Texas Cognitive Scientist: Evidence Blaming Video Games for Violence Is ‘Weak’

Charley Gallay/Getty Images for Activision
Charley Gallay/Getty Images for Activision

University of Texas’ psychology professor Dr. Art Markman rebutted the resurgent claim about video games’ relationship to violence following the mass shootings in El Paso and Dayton.

“The weekend of August 3 and 4, 2019 was a violent one in the United States,” Markman began. “Over just a few hours, two mass shootings in El Paso, TX, and Dayton, OH, claimed over 25 lives and wounded many more.” He called out Texas Lieutenant Governor Dan Patrick for scapegoating video games.

“We’ve always had guns, always had evil, but I see a video game industry that teaches young people to kill,” Patrick said in response to the tragic El Paso mass shooting. Markman scrutinized that position in an article published to Psychology Today.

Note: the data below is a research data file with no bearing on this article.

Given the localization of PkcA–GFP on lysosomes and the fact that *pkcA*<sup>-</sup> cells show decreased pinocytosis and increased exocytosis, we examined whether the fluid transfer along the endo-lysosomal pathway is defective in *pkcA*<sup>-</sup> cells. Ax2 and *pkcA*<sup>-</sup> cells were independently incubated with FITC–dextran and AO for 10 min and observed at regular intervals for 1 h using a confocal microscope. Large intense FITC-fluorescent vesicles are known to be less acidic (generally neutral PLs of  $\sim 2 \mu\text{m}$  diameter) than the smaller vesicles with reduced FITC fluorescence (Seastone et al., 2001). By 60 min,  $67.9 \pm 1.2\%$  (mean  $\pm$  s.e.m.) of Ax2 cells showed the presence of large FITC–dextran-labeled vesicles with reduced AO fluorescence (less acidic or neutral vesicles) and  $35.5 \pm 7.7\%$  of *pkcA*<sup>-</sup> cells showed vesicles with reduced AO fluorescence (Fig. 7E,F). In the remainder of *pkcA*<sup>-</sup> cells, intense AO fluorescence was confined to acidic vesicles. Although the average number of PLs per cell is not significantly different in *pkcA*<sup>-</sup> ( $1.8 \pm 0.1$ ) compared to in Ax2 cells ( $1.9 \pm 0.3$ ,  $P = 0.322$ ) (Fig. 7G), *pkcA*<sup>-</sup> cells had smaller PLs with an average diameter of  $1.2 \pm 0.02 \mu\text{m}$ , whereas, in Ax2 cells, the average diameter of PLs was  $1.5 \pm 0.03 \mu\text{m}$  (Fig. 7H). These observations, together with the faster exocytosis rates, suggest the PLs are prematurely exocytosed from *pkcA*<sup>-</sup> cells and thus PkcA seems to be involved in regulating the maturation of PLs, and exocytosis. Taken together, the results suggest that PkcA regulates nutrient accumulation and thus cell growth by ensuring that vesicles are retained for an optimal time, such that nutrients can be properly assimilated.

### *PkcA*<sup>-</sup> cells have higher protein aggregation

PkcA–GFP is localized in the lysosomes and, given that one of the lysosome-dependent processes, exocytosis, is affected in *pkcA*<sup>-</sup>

Primarily, Markman cited the numerous studies — and, in fact, meta-analysis that studies those studies themselves — that have failed to prove any level of causation between virtual and real-world violence. At best, “playing a lot of violent video games probably makes people a little more aggressive overall, but not much.”

Markman called on those in position of authority to look toward the immense amount of factors proven to cause violence, rather than reaching for the easiest possible answer:

Policymakers who are serious about actually addressing the issue should look for the lowest-hanging fruit and start by developing programs that address the biggest sources of violent behavior. That means that policymakers should pay attention to data that relates potential risk factors for committing a mass shooting to their actual influence on violent behavior.

“When explored through that lens, video games are not a good place to start,” he concluded, and cautioned that games simply “do not seem to be a big enough contributor to violent behavior in the world to warrant being mentioned as a cause of mass shootings.”


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